In this episode, Matt and Erin talk about upcoming events, pest activity updates and research projects. Erin is organizing a Corn Insects Workshop on July 29. Learn more and register here: http://www.aep.iastate.edu/feel/insect.html. There is a 50-person cap, so register now if you want a space! Erin had several reports of pea aphid in alfalfa, but most farmers decided to cut instead of spray. Learn how to identify aphids in alfalfa here: http://crops.extension.iastate.edu/cropnews/2016/05/aphids-showing-alfalfa. Erin also saw a few aphid mummies in clover and they both experienced honeydew dripping from a tree on campus this week. Matt talked a bit about planting conditions for his wasp and bee projects, noting compaction and crusting in some commercial soybean fields.
As the tagline for the new movie, Popstar, says: Never Stop Never Stopping!
Today, Erin gives a short note to announce the new podcasting widget. It will be located on their Soybean Entomology Lab website, where other resources are available. You can still subscribe to the podcast via iTunes, Stitcher or Pocket Casts. Thanks for listening!
Today, Matt and Erin have so much to talk about in this episode. The multiple phone calls and people stopping by Erin's office can't stop the podcast. Lab members found a few soybean aphids in central and northeast Iowa. This is not too surprising because a few soybean aphids can usually be found in June. Populations are very low, but something to note as the field season continues.
The first soybean aphids of the year were found in northeastern Iowa. Photo by Greg VanNostrand.
The warm winter was helpful to those insects trying to overwinter in Iowa, particularly for bean leaf beetle. For the other crop in Iowa, corn rootworm egg hatch is peaking, stalk borers are moving to corn, and European corn borer egg hatch is also happening now. Then the conversation turned to millipedes - not a typical field crop pest. They talk about field conditions conducive to millipede injury, in addition to other emerging pests like slugs, snails and isopods. Finally, Matt reminded us Pollinator Fest is coming up at Reiman Gardens in Ames on June 25.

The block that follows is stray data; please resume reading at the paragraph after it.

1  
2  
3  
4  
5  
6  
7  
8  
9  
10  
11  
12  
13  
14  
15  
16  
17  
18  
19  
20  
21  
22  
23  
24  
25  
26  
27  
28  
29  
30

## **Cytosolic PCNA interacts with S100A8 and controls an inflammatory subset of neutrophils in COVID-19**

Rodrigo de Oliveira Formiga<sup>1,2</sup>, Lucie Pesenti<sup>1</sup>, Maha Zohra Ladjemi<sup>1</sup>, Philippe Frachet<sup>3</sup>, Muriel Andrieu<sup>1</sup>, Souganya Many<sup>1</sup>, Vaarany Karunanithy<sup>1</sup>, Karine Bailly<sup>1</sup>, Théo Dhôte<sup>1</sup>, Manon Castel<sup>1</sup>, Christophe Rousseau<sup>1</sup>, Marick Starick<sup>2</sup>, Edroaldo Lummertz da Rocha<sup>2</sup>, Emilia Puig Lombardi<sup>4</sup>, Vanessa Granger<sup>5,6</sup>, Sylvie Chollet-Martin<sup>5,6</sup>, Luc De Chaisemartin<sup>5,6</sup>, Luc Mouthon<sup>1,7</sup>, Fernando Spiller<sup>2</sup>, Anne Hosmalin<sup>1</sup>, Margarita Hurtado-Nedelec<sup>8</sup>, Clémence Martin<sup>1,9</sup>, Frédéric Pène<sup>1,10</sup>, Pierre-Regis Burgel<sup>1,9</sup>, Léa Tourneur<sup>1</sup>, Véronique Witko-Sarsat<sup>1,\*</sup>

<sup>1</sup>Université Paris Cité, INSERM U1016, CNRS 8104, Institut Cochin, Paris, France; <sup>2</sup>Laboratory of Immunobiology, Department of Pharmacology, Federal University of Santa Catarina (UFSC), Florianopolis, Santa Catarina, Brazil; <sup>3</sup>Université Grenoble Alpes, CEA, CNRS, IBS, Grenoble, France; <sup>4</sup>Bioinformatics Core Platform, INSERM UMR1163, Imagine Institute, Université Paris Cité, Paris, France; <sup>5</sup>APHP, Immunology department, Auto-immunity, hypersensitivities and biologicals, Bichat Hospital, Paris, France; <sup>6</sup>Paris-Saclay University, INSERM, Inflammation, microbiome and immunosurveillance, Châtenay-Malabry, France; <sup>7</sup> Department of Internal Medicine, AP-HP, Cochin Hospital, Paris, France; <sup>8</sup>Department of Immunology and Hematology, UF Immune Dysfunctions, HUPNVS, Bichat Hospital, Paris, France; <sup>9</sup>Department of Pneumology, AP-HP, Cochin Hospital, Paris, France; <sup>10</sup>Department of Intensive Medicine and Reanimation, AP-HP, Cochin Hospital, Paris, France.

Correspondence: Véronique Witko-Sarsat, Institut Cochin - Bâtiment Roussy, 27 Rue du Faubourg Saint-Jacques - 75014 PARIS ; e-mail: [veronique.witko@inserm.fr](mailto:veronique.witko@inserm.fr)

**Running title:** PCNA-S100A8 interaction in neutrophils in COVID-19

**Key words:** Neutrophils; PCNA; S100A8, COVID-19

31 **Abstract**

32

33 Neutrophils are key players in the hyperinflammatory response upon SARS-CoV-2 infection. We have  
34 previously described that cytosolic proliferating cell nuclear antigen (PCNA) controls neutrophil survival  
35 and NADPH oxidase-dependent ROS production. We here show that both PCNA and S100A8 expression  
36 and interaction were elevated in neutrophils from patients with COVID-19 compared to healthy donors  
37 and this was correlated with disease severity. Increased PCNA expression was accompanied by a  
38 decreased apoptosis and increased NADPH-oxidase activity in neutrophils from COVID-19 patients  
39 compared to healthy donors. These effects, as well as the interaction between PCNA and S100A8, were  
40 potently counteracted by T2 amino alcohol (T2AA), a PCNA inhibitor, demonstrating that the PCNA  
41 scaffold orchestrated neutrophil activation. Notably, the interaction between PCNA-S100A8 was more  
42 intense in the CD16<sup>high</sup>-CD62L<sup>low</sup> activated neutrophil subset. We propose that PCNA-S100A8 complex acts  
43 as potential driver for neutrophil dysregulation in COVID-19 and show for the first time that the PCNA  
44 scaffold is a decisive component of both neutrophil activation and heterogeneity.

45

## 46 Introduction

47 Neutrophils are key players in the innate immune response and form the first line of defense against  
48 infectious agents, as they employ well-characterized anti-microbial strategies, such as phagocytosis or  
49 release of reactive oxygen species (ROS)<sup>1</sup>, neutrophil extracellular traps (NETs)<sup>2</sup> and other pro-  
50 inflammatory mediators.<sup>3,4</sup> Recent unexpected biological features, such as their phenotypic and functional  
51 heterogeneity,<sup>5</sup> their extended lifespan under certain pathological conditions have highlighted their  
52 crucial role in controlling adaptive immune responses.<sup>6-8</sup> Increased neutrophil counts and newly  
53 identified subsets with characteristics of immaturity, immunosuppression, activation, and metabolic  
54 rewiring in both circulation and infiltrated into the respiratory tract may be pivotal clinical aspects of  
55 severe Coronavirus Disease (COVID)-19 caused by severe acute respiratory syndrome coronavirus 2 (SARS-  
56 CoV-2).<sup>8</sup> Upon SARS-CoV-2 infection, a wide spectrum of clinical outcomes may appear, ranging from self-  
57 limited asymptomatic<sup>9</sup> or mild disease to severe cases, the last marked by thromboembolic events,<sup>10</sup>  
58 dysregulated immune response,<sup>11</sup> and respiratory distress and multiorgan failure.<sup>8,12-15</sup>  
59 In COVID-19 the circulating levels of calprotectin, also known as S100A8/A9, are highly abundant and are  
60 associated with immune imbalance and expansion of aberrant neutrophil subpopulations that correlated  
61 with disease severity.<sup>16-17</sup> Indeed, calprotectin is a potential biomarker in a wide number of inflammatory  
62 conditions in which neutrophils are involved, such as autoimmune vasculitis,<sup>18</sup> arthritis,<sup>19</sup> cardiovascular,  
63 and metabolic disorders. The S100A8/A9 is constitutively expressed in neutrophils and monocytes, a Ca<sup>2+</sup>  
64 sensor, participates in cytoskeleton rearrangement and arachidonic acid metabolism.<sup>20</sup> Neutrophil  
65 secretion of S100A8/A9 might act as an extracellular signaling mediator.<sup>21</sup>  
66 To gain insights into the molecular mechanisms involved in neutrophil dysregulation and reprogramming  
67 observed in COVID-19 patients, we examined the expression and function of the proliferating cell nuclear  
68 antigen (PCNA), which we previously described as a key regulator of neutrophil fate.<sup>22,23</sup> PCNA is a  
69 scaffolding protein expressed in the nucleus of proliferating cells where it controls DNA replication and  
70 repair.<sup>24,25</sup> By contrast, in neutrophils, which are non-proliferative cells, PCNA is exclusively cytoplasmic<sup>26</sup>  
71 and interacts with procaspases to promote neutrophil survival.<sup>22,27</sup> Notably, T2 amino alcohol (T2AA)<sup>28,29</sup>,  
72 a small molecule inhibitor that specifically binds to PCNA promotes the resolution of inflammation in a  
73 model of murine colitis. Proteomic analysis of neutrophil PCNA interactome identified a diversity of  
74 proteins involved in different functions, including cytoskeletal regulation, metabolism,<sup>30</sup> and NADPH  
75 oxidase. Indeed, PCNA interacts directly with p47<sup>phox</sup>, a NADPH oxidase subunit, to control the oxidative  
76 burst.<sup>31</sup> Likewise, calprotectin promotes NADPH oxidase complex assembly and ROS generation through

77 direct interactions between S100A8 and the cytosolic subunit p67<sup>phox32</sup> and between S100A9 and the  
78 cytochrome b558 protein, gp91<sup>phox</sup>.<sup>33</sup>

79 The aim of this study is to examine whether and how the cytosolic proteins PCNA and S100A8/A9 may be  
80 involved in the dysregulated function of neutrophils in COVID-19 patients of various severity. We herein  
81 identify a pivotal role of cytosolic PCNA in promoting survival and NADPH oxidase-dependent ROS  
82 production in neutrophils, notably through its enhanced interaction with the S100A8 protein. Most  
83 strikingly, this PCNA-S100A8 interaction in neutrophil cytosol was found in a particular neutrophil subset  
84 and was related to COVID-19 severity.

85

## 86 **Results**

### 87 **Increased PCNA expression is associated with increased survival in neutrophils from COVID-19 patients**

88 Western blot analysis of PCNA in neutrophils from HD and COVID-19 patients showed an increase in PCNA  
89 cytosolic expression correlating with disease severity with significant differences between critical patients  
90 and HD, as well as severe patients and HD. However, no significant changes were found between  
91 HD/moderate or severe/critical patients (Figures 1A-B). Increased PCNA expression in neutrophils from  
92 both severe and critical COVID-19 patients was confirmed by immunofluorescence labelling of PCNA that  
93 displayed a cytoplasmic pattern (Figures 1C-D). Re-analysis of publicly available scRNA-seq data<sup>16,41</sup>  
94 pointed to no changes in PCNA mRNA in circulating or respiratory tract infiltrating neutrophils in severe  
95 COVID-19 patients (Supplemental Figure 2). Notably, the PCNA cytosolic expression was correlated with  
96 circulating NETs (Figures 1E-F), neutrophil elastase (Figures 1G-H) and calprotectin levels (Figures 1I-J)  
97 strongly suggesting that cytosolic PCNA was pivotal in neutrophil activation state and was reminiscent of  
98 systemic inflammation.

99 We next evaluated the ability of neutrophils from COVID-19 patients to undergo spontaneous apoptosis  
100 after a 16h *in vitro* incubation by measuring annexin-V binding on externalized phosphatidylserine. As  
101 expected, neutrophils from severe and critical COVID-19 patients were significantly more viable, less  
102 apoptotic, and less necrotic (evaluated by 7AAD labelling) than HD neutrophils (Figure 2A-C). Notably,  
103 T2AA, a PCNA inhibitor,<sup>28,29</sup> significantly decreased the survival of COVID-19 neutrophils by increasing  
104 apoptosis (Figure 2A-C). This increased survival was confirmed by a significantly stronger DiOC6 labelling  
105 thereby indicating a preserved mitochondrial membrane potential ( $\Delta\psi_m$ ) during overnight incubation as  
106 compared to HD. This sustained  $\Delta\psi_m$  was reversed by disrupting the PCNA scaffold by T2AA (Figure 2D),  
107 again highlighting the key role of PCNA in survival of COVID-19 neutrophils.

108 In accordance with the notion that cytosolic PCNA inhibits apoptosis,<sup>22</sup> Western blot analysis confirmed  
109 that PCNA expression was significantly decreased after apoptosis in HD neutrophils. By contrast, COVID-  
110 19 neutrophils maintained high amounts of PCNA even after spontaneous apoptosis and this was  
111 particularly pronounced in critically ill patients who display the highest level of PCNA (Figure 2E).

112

Random fact: Millipedes are arthropods within the class Diplopoda. They are distant relatives to insects and arachnids. People who study millipedes are called diplopodologists.
Millipede. Photo by David Cappaert, www.ipmimages.org.
Today, Erin is so excited to tell everyone about her new, 12-page publication called, "Getting to Know the Insects." This publication is geared to youth and new agronomists that want to learn more about how to identify, sample and management field crop insects. It's available for $2 in the ISU Extension Store. Next, Matt and Erin talk about corn and soybean switching to reproductive stages around Iowa and implications for pest scouting and management. In particular, hot and dry weather favors twospotted spider mites, but expected cooler temperatures can promote soybean aphid populations. Erin also mentions a rare pest, redheaded flea beetle, showing up in a cornfield this summer. Read Erin's blog to see feeding injury on corn leaves. Erin also mentioned some upcoming field days at the ISU FEEL demo lab located between Boone and Ames, Iowa. The first is the Crop Management Clinic (13-14 July), which features a number of different topics related to crop production and protection. The second is an all-day workshop on corn insects (29 July). We aren't sure why, but there are a lot of references to MMA fighters in this episode??